Double Negative also worked in more familiar territories with the creation of two different environments: the Nile River, and the construction site of the great pyramids at Giza, Egypt. The great river was generated in a shader and integrated into live-action plates of the desert. Digital boats with CG sailors and cloth-simulated sails were also added in the shots. For the Giza shots, Double Negative was provided with live action plates featuring a gigantic miniature set built by Magicon in Germany, and filmed on location in Namibia. "The miniature was absolutely spectacular," Wuttke marvels. "It formed the basis for all of our shots. We added thousands of digital extras generated within Massive. We did an extensive motion capture shoot that provided us with a library of all the movements that we needed. We also added a large amount of digital props to the filmed environment. They comprised of various pieces of scaffolding and blocks around which our digital action could take place. This also helped us to sell the scale of these shots, as did the addition of digital dust all over the place. We created it using DnB, our proprietary volumetric renderer."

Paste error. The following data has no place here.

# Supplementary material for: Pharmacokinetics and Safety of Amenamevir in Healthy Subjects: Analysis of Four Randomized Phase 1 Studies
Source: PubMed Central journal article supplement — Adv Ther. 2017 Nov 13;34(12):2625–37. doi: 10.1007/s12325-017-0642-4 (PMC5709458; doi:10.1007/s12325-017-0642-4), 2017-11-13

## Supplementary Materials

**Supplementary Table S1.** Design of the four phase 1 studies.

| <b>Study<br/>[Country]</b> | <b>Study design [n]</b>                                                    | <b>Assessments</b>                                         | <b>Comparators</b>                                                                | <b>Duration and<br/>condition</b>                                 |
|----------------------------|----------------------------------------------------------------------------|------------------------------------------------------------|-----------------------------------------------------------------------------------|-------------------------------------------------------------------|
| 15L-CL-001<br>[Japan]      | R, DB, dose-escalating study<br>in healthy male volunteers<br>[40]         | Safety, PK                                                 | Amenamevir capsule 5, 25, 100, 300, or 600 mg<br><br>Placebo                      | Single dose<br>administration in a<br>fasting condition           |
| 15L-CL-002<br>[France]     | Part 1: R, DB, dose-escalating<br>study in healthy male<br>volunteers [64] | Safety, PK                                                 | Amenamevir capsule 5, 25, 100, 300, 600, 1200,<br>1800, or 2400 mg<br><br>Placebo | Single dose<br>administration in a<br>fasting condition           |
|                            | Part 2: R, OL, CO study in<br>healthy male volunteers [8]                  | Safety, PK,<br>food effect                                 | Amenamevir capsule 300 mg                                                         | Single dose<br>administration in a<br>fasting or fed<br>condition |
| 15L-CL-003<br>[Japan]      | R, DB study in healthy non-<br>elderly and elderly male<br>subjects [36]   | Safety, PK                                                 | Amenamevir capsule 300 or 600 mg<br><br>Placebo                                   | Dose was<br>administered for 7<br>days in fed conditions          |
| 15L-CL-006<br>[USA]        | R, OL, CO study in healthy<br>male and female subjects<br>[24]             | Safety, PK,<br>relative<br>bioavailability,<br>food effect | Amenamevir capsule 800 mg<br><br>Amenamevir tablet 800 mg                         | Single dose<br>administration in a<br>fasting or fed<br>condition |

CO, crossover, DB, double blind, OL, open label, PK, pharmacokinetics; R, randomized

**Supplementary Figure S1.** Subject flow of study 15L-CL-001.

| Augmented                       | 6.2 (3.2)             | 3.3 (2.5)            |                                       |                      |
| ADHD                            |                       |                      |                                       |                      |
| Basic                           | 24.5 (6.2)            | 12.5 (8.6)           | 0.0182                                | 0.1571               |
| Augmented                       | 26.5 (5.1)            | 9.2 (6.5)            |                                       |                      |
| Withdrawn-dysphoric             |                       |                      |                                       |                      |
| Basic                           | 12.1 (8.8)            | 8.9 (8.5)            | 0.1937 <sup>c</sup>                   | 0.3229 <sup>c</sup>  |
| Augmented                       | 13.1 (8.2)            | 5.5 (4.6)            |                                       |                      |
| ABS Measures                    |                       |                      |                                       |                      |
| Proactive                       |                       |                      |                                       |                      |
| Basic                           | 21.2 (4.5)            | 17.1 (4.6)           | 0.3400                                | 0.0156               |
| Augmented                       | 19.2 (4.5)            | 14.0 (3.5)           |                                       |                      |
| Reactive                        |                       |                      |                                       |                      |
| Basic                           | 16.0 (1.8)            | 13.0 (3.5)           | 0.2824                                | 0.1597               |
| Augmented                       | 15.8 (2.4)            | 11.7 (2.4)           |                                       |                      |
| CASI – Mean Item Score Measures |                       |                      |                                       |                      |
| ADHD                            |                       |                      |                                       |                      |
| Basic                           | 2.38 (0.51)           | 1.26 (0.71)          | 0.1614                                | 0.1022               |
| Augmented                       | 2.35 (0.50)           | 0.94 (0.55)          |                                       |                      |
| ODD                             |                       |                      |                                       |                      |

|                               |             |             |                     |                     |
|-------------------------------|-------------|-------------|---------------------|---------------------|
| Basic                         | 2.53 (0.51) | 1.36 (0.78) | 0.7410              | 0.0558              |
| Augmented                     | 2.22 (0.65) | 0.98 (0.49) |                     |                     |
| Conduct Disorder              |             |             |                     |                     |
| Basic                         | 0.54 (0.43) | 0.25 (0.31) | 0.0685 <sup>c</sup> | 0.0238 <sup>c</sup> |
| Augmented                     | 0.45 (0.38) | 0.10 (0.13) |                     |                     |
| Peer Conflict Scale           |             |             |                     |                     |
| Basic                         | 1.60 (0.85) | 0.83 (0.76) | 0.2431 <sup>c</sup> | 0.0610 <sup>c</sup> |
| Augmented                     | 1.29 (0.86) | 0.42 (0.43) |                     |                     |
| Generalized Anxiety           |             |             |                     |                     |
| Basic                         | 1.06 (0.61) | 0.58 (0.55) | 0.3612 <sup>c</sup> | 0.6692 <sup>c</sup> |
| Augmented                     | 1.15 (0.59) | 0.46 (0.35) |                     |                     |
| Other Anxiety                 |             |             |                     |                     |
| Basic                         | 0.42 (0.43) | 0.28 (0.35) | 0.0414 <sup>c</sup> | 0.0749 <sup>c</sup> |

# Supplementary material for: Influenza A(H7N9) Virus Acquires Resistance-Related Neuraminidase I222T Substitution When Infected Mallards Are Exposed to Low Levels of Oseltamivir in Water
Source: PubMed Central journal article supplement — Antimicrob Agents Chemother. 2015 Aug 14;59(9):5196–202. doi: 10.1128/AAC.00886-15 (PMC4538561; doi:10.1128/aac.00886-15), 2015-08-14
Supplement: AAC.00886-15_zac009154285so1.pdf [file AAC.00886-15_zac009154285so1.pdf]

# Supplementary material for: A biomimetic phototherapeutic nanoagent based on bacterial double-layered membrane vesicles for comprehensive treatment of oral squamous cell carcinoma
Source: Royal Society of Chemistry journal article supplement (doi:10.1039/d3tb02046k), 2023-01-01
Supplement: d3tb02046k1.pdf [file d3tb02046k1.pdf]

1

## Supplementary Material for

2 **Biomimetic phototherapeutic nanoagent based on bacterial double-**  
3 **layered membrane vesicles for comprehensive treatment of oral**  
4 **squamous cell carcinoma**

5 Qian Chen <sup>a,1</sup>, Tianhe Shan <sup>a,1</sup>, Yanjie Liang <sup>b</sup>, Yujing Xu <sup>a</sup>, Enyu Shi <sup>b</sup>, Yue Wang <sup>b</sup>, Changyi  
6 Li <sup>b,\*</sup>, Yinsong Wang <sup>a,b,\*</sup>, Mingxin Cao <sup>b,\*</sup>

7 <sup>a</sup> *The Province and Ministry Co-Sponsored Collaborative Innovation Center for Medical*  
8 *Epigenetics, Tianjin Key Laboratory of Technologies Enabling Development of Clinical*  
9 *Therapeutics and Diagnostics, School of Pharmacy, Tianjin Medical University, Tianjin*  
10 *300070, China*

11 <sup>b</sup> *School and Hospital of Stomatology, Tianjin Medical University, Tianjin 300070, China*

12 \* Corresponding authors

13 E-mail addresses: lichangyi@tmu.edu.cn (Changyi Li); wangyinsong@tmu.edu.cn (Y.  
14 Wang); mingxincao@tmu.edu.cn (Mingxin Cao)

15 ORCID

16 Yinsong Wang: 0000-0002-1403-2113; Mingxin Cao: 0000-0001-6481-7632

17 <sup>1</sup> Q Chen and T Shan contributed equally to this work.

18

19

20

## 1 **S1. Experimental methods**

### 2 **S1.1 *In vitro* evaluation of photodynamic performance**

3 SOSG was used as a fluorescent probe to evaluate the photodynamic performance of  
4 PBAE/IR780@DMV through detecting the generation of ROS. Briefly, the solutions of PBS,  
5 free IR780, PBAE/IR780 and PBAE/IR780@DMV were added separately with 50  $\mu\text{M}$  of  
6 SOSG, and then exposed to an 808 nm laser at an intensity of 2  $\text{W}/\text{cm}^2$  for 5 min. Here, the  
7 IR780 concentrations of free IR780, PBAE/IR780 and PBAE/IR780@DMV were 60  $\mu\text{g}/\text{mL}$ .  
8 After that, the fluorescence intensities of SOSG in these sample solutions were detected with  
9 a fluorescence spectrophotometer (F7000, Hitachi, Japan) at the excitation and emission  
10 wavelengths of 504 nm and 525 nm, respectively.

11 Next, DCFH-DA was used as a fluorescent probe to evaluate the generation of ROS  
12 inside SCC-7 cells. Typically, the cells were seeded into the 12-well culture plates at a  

One Location, Two Vendors

Visual effects duties on the Giza sequence were shared with MPC. Visual Effects supervisor Nicolas Aithadi's team there included CG Supervisor Guillaume Rocheron, Compositing Supervisors Steve Sanchez and Richard Baker, Animation Supervisors Greg Fisher and Adam Valde and Visual Effects Producer Christian Roberton. "The decision on who was doing the shots was based on the mammoths," Aithadi explains. "If they were small enough in the frame not to require fur simulation, Double Negative did the shots. We provided them with mammoth animation files, models, final renders, etc. When the mammoths required fur simulation, we did the shots, crowd included."

MPC started as early as 2005 by creating a test of mammoth animation for production. Software Development Supervisor Damien Fagnou and his team went straight into a major R&D effort to craft the creatures' unique fur. "We developed a new fur simulation tool called Furtility," Aithadi says. "It was blended in our Maya/RenderMan/Shake pipeline. We had a lot of difficulties nailing down the exact fur look that the director was after. The mammoths had to be totally different from elephants, but not look fluffy at all either. We needed to emulate the properties of the matted, tangled and dirty hair of a creature living in a rough environment. We ended up using over 600 different textures to obtain the right look! Many of the hairs reached seven feet long (two meters), which was very difficult to control."

MPC went straight into a major R&D effort to craft the wooly mammoth's unique fur. They developed a new fur simulation tool called Furtility.